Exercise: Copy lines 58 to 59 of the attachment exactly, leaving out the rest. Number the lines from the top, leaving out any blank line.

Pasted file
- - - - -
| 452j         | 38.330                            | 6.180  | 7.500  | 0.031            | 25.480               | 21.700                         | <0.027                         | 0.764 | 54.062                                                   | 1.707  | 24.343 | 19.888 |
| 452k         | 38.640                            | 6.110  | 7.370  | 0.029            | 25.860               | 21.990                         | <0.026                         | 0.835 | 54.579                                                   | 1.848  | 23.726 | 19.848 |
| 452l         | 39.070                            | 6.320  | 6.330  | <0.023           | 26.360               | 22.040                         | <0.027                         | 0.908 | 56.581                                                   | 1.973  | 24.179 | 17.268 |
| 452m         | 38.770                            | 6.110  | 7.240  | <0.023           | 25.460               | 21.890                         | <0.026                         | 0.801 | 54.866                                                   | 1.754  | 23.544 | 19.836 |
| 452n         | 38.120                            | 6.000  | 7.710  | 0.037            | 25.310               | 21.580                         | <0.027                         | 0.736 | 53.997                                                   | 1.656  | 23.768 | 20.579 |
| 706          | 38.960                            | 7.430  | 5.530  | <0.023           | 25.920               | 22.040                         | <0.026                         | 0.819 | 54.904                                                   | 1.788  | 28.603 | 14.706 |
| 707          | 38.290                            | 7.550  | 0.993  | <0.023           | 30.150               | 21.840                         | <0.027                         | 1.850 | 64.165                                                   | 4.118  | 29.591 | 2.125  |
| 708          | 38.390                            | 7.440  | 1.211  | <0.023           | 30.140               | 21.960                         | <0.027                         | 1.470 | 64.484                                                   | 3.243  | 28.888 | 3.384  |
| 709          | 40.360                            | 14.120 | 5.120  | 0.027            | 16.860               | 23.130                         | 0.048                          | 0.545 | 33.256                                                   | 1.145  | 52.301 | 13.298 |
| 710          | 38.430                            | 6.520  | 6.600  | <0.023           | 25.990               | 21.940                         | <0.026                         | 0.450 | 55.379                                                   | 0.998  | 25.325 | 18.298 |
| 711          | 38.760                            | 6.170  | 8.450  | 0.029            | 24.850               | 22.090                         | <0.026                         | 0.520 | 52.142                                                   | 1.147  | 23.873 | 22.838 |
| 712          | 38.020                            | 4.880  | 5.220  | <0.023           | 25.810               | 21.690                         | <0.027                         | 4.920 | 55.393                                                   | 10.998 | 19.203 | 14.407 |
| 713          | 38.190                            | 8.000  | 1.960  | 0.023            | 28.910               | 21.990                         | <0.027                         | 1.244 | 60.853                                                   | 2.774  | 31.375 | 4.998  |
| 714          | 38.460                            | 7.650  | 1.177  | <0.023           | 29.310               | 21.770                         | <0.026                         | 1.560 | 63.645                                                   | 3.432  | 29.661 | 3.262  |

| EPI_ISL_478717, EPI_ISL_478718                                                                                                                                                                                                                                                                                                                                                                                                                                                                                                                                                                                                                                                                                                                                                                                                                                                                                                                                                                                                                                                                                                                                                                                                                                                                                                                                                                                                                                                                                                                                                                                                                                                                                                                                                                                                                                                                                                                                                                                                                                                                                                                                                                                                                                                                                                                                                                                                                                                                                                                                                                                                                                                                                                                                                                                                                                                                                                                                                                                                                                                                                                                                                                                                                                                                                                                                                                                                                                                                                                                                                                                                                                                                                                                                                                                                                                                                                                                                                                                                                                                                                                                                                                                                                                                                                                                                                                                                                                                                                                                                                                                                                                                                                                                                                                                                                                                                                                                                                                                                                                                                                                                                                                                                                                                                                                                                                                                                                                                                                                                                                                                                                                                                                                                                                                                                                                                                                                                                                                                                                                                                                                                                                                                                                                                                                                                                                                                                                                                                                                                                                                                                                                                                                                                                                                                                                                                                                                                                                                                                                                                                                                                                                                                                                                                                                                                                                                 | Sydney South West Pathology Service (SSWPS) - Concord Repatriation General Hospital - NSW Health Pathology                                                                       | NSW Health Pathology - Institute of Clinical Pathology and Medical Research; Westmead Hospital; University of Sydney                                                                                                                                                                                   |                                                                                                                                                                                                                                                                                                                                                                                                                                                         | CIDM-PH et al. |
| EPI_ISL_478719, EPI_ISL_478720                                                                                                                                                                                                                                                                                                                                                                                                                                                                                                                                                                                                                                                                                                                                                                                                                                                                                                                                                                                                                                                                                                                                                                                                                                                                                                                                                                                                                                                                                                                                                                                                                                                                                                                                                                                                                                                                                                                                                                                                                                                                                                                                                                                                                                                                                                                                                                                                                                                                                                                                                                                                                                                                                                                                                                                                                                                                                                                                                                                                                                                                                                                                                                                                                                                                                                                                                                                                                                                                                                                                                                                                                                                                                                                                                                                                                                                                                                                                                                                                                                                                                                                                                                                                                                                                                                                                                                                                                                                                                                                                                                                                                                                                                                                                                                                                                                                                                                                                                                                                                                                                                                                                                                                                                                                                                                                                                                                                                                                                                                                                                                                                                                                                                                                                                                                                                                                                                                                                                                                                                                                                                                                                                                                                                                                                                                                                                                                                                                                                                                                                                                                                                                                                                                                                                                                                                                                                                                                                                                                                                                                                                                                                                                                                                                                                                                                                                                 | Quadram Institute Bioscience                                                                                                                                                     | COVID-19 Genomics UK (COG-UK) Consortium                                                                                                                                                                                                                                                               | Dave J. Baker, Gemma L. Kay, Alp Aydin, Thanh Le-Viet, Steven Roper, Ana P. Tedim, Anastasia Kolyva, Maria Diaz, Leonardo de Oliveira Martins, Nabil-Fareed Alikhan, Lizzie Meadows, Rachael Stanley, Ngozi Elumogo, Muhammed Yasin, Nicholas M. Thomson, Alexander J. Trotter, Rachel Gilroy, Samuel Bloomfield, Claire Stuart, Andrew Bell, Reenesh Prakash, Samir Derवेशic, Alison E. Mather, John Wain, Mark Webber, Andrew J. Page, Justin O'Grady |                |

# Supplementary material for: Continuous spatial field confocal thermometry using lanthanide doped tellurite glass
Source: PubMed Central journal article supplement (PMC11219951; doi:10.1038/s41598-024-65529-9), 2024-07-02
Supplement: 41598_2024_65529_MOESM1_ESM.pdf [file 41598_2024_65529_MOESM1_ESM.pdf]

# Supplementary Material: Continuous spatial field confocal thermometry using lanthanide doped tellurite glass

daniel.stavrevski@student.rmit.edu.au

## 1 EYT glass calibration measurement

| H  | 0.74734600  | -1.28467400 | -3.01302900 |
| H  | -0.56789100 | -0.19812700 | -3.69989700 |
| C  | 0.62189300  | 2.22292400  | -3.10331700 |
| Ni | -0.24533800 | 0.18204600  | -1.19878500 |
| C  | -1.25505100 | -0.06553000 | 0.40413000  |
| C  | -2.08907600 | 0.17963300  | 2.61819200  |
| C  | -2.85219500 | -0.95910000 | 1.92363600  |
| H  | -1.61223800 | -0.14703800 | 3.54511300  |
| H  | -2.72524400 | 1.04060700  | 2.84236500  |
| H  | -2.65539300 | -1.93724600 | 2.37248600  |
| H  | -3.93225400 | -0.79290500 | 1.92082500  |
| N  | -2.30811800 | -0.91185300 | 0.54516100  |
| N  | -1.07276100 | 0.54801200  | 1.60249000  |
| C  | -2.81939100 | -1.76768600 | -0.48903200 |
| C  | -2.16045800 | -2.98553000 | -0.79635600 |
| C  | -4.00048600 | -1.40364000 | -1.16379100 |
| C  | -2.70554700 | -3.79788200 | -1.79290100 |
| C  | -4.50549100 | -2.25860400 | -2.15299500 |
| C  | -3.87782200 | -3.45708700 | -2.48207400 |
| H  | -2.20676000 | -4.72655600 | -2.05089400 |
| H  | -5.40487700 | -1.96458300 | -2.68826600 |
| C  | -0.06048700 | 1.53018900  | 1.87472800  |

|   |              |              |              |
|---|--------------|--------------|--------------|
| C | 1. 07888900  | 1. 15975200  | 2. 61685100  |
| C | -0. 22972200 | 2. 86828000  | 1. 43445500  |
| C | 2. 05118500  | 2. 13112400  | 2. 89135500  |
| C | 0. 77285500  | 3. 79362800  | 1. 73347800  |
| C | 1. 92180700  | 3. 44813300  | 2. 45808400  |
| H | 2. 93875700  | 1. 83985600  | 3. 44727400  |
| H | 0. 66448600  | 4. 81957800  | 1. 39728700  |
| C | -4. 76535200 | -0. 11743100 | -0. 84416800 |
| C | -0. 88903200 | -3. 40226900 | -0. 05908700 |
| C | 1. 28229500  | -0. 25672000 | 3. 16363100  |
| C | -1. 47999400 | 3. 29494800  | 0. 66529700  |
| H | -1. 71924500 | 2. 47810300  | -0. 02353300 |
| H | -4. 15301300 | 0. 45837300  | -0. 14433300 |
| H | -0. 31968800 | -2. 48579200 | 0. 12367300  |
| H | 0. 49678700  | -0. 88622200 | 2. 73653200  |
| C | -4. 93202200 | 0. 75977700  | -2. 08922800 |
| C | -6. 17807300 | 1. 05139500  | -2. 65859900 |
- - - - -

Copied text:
| H | -1. 71924500 | 2. 47810300  | -0. 02353300 |
| H | -4. 15301300 | 0. 45837300  | -0. 14433300 |